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Protecting the PII of students

posted Apr 29, 2013, 8:06 AM by jtozer@rsu20.org   [ updated Apr 29, 2013, 8:06 AM ]

In the last installment, I discussed personally identifiable information (PII), how it relates to you, and how you can protect your PII.  This time, I want to explore securing the PII of our students.  One of the fastest growing exploits is identity theft of student information; specifically, high school and college students (Student Identity Theft).  This theft is primarily occurring from social networking sites.  Securing the PII of students requires the same diligence you would use to secure your own PII.  The same pitfalls that can trip up adults trip up our students.  While they may be more tech savvy than many adults, they are still children and are often too trusting.  That is where we can help.

The Family Education Rights and Privacy Act (FERPA) was signed into law in 1974.  There is much written on FERPA, but in a nutshell it requires schools that receive federal funding to obtain written permission from a parent or eligible student in order to release student records.  This is one reason we have a section on the annual RSU #20 emergency form that allows parents to accept or decline having student information posted on the web.  In 1974, the concern was not for student PII being placed on the web:  The intent was to protect paper documentation associated with a student. Today, FERPA regulations have increased importance given the use of blogs and websites by staff and students.  School districts and staff can be held liable for not following FERPA guidelines.  For more on FERPA violations, take a look a these links:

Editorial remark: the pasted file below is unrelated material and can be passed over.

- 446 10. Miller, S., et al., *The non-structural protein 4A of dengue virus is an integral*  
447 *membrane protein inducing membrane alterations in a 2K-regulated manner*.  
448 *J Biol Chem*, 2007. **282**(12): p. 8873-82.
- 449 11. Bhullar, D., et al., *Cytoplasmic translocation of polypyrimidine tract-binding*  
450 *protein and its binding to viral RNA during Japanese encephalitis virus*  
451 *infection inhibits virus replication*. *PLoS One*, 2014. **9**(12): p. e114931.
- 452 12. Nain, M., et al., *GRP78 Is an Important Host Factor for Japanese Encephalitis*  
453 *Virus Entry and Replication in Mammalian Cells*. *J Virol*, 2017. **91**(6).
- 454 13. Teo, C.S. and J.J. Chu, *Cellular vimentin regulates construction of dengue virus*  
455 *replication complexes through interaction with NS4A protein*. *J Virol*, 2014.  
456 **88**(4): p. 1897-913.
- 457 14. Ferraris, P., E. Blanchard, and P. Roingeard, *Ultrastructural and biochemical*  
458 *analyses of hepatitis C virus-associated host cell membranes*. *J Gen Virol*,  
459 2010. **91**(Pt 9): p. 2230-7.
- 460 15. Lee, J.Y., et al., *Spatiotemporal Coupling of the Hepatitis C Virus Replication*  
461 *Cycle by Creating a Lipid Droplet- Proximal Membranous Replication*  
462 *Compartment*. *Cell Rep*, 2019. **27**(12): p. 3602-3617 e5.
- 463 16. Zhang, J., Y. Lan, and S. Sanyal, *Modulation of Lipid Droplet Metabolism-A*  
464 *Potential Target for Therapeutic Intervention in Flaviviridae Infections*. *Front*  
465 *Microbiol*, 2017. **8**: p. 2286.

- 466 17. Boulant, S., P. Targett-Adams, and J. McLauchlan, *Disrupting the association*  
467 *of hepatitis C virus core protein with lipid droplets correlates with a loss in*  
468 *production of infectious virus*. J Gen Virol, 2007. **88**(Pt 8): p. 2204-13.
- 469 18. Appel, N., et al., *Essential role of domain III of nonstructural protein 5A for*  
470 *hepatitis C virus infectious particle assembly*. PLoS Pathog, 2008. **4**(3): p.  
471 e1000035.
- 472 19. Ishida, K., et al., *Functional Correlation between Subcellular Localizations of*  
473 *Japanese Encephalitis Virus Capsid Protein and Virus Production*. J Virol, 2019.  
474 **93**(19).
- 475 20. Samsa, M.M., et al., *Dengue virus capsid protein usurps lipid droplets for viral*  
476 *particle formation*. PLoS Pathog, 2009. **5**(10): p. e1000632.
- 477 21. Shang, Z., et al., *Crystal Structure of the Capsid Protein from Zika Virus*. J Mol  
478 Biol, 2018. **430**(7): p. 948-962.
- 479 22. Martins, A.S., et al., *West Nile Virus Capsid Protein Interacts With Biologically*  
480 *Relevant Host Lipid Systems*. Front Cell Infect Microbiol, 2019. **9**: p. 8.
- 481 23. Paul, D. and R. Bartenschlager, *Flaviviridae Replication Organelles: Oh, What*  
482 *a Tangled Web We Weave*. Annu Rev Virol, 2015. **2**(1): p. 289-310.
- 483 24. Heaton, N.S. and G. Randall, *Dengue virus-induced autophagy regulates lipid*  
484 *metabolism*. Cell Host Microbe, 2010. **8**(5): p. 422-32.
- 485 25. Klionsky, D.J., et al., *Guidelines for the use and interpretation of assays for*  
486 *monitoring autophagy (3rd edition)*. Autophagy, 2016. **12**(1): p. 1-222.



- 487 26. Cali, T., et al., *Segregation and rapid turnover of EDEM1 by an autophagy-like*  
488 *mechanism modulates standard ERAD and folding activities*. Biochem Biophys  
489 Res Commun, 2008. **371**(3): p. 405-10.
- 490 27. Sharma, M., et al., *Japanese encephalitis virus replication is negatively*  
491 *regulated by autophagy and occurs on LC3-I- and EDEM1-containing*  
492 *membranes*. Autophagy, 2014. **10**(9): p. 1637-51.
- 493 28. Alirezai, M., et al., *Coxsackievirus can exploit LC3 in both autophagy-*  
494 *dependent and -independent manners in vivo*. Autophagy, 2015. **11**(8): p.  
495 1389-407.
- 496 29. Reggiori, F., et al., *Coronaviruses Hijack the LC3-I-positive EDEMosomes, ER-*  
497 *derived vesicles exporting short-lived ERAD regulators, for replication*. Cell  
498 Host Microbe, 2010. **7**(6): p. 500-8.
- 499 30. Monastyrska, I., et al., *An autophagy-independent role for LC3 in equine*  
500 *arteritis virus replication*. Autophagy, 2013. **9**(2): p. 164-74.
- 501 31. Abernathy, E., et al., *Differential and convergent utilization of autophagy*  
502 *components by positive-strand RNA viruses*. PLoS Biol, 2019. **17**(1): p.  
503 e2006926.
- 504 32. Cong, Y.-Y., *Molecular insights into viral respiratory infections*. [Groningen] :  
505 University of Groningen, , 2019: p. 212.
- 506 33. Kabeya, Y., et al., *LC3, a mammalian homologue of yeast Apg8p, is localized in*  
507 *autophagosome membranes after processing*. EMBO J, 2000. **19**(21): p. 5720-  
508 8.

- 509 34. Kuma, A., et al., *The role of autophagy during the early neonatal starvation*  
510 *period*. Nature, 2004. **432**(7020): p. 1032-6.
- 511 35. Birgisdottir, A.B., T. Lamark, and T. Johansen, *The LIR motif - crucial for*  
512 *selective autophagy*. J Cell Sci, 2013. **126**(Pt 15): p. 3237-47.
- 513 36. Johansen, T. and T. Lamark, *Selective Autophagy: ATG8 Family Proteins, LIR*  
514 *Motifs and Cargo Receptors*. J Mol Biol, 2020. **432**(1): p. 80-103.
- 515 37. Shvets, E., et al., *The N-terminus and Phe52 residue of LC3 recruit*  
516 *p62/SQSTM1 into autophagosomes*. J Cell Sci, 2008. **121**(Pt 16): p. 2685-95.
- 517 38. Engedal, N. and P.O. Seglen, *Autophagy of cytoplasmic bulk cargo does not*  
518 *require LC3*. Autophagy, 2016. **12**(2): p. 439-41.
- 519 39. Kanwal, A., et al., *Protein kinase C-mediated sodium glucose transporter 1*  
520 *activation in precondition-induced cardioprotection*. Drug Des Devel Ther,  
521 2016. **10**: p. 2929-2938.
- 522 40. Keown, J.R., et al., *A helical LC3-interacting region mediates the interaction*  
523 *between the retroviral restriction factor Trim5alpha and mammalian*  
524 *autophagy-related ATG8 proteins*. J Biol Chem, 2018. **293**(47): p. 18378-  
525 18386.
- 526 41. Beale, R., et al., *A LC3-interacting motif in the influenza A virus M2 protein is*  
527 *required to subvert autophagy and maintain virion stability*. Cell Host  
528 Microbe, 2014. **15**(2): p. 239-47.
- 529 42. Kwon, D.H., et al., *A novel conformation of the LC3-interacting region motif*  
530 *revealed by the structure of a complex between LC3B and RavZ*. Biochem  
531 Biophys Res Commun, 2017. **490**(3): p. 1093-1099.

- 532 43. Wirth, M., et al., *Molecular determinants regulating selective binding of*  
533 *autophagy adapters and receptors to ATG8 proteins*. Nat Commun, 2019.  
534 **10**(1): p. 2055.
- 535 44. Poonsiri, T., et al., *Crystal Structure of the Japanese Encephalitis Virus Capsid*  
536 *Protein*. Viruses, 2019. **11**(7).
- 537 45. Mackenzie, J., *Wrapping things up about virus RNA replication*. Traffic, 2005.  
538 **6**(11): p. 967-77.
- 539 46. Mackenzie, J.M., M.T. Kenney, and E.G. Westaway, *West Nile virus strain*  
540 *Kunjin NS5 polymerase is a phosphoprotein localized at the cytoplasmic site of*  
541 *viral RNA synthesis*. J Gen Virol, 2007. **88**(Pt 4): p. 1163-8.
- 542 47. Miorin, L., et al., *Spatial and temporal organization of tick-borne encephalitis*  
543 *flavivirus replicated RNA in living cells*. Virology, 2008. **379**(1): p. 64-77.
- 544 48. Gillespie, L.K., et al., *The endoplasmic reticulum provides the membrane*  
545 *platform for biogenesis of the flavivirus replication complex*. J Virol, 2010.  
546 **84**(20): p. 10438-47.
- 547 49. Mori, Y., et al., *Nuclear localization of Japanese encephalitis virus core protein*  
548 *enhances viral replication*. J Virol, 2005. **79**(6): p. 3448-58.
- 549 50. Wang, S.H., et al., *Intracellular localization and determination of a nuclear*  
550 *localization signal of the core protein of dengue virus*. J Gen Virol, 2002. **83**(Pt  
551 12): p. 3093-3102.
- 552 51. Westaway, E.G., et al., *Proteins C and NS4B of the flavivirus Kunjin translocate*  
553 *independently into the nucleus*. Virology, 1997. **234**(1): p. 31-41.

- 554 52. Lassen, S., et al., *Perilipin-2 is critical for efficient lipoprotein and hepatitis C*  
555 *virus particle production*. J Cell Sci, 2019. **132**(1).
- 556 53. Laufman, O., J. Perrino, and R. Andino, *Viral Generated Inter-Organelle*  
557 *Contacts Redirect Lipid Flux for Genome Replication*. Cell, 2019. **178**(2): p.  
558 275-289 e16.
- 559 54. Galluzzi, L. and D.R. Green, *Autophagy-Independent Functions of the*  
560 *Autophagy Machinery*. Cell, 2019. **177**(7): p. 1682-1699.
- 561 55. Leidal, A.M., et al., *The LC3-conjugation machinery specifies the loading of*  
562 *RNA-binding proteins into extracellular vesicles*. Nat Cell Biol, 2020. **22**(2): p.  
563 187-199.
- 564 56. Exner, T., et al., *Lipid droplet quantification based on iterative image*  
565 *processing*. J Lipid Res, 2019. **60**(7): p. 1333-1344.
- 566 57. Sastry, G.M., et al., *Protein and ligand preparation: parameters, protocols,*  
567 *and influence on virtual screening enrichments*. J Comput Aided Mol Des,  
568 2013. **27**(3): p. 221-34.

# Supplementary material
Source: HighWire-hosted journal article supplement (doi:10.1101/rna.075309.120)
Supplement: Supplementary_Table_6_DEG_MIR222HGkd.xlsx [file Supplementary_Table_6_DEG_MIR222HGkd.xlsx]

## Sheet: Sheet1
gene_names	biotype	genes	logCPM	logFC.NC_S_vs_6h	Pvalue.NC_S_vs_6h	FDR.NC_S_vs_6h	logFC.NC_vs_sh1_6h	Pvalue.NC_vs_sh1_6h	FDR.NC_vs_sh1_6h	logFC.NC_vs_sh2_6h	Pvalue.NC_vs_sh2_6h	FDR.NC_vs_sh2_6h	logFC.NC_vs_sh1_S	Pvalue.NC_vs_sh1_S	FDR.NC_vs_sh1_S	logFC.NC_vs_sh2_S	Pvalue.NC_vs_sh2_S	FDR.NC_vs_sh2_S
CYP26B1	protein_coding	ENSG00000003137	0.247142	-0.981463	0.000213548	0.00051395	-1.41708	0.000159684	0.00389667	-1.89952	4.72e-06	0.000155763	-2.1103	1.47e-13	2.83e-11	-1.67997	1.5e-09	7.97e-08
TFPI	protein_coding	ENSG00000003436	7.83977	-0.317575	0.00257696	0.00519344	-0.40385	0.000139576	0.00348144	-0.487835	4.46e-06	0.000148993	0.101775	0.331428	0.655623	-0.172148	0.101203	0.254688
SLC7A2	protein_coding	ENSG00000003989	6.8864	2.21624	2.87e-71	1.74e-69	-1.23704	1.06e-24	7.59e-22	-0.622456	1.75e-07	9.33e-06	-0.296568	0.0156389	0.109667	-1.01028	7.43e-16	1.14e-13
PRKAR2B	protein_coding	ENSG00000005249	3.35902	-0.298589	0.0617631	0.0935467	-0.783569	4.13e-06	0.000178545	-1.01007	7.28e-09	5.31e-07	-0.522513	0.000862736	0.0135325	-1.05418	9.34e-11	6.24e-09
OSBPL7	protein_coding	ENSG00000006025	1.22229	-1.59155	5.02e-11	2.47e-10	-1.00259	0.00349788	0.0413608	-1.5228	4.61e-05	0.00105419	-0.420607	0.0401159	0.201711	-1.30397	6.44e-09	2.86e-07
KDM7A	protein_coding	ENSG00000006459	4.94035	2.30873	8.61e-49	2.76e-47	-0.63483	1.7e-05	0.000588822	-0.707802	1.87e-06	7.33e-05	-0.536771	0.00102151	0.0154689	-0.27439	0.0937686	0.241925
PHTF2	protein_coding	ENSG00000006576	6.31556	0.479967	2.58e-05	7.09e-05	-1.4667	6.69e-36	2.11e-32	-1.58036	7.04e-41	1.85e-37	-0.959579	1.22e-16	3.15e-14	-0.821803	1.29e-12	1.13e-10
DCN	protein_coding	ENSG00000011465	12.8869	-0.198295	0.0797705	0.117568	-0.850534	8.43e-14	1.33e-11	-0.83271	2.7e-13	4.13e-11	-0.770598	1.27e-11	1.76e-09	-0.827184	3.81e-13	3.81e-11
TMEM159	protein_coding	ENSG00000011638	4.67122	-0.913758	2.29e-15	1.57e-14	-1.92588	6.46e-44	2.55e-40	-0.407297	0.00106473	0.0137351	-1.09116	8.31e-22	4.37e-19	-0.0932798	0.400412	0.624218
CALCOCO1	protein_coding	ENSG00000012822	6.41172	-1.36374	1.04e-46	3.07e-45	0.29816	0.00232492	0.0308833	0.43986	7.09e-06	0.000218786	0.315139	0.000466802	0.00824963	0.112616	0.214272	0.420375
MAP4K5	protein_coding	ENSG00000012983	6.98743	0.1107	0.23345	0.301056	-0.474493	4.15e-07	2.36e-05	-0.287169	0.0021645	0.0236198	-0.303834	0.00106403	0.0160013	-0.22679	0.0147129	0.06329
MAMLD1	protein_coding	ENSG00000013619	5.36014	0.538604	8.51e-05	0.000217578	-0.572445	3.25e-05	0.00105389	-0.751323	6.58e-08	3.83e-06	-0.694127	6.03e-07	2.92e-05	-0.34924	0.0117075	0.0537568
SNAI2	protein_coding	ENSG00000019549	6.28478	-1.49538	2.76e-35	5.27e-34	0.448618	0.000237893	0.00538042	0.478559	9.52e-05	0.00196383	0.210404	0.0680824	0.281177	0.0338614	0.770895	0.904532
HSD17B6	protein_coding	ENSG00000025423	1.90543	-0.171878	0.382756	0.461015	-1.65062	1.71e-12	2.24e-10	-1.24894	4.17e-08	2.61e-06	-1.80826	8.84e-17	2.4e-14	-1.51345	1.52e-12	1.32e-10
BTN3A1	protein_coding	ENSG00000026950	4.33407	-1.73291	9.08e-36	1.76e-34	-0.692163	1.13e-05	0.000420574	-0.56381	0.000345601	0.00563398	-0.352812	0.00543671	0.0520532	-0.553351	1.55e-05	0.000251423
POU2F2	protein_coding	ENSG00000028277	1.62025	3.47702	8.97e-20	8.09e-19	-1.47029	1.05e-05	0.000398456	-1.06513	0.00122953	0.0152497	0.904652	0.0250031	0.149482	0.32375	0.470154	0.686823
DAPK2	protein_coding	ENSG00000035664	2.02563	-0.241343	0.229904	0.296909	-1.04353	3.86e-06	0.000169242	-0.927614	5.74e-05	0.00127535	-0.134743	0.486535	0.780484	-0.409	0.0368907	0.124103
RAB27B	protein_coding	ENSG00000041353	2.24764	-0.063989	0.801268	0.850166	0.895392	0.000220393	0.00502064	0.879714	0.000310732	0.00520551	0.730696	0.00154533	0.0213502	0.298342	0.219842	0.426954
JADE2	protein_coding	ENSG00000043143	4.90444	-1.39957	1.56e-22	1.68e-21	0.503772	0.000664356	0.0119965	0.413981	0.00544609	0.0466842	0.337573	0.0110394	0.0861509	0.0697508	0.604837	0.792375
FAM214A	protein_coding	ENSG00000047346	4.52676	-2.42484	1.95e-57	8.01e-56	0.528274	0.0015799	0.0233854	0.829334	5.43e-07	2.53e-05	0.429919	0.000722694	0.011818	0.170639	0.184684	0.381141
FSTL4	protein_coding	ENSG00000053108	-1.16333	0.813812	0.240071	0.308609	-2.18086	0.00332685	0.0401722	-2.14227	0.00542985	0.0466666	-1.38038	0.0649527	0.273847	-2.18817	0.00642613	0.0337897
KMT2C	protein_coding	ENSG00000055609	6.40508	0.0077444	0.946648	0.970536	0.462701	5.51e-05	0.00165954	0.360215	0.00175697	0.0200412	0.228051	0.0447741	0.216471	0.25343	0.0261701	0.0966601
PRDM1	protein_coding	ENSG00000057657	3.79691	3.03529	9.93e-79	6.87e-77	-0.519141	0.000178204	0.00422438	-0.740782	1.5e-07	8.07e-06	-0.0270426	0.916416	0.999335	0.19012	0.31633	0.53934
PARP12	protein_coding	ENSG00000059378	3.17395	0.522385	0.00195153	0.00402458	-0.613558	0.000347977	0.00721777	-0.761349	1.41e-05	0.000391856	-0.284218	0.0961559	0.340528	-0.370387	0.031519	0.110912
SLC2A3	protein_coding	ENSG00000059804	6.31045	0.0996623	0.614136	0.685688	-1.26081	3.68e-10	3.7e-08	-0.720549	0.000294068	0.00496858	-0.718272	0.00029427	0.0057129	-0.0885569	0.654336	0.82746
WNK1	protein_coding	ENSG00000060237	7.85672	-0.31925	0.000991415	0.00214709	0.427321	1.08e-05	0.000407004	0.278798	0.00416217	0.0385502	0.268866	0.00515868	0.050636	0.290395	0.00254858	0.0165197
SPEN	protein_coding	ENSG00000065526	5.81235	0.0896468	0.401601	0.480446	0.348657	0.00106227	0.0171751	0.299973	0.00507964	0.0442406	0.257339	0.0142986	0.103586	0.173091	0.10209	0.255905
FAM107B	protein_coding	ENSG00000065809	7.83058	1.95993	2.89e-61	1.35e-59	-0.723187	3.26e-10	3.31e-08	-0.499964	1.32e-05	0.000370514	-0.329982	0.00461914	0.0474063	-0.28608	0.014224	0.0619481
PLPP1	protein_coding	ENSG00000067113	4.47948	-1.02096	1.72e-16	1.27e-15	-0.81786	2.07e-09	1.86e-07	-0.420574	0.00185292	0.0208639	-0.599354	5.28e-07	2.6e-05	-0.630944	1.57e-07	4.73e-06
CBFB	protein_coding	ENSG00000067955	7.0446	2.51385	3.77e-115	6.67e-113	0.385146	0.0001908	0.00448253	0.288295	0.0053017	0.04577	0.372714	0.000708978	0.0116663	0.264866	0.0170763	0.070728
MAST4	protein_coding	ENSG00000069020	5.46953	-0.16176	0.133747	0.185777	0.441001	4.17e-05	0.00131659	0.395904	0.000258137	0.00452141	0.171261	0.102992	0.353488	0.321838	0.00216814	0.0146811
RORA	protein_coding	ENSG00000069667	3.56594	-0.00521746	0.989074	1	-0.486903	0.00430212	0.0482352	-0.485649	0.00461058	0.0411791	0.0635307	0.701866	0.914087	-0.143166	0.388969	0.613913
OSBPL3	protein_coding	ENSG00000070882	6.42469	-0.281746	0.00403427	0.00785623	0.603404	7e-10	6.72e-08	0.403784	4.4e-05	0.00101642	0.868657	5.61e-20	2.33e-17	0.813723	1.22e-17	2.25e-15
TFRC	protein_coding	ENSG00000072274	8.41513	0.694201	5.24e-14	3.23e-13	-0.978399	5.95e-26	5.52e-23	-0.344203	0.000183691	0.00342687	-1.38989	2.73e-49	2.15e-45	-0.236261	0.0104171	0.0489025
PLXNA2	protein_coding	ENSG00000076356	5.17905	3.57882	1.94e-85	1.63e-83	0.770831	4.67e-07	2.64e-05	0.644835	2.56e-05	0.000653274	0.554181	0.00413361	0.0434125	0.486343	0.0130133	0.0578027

Wisconsin middle school posts list of failing students

Teacher resigns after posting blog with personal student info

School District found in violation of privacy law

The Title XIII-Children's Online Privacy Protection Act of 1998, also known as COPPA, concerns the collection of personal information from children under the age of 13.  COPPA is directed toward commercial sites such as Facebook, Myspace, or Twitter. COPPA details what a website must have in its privacy policy, what information can be gathered, and how the site must display its privacy policy.  If you read the privacy policy for Facebook, you will see a disclaimer that one must be 13 years of age or older to register. That's COPPA. 

From Facebook's privacy policy:

No information from children under age 13. If you are under age 13, please do not attempt to register for Facebook or provide any personal information about yourself to us. If we learn that we have collected personal information from a child under age 13, we will delete that information as quickly as possible. If you believe that we might have any information from a child under age 13, please contact us through this help page.

Know of any students under 13 that have a Facebook account? 

Information security education is not designed to scare you into no longer using the Internet.  It is designed to raise your awareness of infosec issues.  What can we do to help our students?  First, become familiar with FERPA, if you aren't already.  Understand what guidelines we are required to follow to protect student information.  Second, practice keeping your PII safe from unnecessary exposure.  Make that part of your daily routine.  This practice will help you in your daily routines with students.  Third, reinforce with our students the dangers of sharing personal information, regardless of medium.  Use our wonderful Digital Citizenship resources developed in-house by Barb Rehmeyer and Tracy Hayslip.  Class links are located in the lower left of the side bar.  Take a few minutes, when you have an opportunity, and check it out.

Here are some additional sites:





Always Use Protection: A Teen's Guide to Safe Computing.  Dan Appleman.  Apress.  ISBN: 978-1-59059-326-4

Next time: the importance of password protection